Tuesday, October 05, 2010

Women's Refuge propaganda exposed

The Women's Refuge is a highly politicised propaganda machine. In a welcome new development they have been taken to task for exaggerating about the number of New Zealand women "living in fear". I will not support this organisation on principle. That is unfortunate because there are women who desperately need the sort of help provided by the refuges. But the distorted image of NZ women, and by implication NZ men, they promulgate serves no useful purpose. In fact it is detrimental to their cause.

TV3 reports;

Women's Refuge breached advertising standards by claiming that "one in three" New Zealand women were "living in fear" because of domestic abuse, without having adequate proof, the Advertising Standard Authority(ASA) has ruled.

The ASA made the ruling in two separate decisons after receiving complaints.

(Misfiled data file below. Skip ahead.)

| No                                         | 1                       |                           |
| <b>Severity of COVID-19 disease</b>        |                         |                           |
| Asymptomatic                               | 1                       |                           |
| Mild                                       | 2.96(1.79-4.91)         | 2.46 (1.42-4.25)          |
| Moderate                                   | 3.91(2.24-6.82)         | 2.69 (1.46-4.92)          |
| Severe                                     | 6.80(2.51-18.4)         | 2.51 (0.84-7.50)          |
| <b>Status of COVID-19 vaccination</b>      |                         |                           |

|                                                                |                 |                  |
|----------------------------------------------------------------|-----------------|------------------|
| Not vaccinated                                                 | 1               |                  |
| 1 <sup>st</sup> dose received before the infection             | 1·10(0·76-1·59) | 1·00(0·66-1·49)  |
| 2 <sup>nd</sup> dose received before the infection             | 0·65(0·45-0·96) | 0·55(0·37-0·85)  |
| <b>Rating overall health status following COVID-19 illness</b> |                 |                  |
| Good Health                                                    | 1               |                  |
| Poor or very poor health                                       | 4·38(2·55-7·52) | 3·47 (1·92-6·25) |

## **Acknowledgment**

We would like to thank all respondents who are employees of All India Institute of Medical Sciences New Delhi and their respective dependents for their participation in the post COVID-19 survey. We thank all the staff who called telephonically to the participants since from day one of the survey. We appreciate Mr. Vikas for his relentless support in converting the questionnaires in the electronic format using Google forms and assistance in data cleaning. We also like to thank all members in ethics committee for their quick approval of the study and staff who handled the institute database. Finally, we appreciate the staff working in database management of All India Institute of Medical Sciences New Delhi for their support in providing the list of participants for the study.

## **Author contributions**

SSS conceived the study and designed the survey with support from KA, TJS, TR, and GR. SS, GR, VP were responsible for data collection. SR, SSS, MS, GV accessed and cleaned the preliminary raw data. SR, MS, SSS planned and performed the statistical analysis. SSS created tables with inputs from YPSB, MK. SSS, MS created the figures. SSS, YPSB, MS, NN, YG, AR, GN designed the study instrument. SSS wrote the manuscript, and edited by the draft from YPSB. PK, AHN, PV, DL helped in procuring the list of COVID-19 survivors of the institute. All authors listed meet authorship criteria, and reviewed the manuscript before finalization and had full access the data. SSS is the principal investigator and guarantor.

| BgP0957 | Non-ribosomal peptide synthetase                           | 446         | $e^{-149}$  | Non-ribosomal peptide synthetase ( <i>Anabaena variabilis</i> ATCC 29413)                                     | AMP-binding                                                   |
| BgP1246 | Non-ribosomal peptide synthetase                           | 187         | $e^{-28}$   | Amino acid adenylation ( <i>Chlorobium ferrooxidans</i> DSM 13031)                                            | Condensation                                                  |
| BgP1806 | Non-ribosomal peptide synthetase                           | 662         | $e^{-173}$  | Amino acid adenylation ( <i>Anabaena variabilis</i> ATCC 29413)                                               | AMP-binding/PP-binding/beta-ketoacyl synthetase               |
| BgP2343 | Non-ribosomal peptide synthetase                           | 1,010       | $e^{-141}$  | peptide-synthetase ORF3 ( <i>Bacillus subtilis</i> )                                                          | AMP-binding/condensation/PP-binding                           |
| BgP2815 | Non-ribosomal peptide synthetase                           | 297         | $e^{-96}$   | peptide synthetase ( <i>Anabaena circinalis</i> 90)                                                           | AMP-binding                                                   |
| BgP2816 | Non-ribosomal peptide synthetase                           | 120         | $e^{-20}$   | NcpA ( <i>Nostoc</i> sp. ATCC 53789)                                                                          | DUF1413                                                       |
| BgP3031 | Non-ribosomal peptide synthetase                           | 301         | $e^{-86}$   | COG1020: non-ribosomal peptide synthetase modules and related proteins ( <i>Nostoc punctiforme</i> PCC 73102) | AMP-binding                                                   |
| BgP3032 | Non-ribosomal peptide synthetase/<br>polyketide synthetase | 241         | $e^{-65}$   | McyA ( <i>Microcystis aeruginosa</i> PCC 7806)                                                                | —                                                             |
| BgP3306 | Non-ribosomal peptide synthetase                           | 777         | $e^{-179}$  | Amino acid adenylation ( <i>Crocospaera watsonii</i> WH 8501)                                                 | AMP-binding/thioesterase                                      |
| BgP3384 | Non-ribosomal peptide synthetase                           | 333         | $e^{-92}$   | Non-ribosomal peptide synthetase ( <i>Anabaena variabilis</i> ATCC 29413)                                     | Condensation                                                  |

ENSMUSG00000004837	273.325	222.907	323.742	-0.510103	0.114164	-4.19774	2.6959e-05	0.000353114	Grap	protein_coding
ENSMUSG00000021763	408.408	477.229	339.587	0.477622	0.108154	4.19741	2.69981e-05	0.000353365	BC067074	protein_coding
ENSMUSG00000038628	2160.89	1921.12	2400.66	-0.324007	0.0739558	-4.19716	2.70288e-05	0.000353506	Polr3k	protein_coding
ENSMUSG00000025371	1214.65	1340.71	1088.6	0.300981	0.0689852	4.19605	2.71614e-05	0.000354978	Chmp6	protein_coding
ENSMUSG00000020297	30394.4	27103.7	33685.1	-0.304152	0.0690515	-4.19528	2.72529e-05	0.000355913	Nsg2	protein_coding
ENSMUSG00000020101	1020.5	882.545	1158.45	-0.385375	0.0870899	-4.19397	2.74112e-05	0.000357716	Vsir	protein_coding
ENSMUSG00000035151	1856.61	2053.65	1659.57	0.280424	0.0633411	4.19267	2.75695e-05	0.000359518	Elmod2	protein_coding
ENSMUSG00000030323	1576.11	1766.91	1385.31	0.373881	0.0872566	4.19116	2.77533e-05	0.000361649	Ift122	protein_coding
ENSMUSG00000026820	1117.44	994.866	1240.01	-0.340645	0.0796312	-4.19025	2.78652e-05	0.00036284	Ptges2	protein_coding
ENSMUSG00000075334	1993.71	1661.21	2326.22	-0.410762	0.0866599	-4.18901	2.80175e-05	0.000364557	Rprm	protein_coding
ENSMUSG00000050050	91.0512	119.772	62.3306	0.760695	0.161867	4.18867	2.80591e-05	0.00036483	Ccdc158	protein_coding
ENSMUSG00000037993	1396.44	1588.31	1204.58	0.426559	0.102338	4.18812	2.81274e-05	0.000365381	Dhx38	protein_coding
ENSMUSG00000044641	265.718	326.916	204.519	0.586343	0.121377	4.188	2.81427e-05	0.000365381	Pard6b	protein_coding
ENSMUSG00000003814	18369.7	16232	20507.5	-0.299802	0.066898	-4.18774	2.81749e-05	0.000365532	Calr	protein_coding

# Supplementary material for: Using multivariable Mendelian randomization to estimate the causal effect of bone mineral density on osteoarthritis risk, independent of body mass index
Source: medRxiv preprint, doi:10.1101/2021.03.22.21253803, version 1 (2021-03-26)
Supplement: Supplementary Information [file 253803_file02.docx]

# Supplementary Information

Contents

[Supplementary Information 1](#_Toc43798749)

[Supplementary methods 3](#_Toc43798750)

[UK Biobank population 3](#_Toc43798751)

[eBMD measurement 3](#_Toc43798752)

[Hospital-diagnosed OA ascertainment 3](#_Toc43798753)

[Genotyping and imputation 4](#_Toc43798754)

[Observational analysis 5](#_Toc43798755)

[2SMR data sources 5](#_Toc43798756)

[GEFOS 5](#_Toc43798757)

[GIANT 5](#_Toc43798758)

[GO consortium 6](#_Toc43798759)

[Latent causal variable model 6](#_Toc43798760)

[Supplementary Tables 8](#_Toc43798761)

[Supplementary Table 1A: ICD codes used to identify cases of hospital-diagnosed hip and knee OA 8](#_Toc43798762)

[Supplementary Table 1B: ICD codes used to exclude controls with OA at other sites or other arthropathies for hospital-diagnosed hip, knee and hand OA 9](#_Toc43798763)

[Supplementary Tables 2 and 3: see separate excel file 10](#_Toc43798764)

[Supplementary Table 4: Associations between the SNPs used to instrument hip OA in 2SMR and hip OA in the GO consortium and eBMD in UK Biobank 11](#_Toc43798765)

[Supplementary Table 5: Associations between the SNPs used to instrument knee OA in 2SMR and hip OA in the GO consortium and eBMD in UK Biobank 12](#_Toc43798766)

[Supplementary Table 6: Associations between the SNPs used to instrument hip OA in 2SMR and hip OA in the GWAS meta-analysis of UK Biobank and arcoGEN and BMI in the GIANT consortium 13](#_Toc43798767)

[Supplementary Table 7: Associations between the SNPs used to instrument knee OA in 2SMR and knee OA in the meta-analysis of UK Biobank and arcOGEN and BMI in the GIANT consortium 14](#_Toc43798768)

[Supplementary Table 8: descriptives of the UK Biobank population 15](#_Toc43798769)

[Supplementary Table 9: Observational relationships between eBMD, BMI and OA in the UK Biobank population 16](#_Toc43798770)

The upheld complaints related to two separate advertisements, one printed in the Waikato Times and the other broadcast on television.

The advertisements were part of Women's Refuge annual appeal which was held in July.

Both complainants argued the advertisements breached standards because there was no evidence to back the claim, which asserted that one in three women needed help because of abuse, and the complaint about the print version also argued the advertisement discriminated against men.

"This is absurd and it's impossible that they can produce honest stats proving this," one complainant said.

Women's Refuge argued that it was not in breach of standards as the assertion was based on a World Health Organisation (WHO) study which concluded that 33 percent of woman in Auckland and Waikato experienced physical or sexual violence from a partner in a life time.

The ASA disagreed and said it was concerning that Women's Refuge had used a local study as the basis for national statistics.

The majority of ASA members also thought it was inappropriate to base the claim that "one in three" women were living in fear on statistics which concluded one in three women experienced partner abuse in a "lifetime".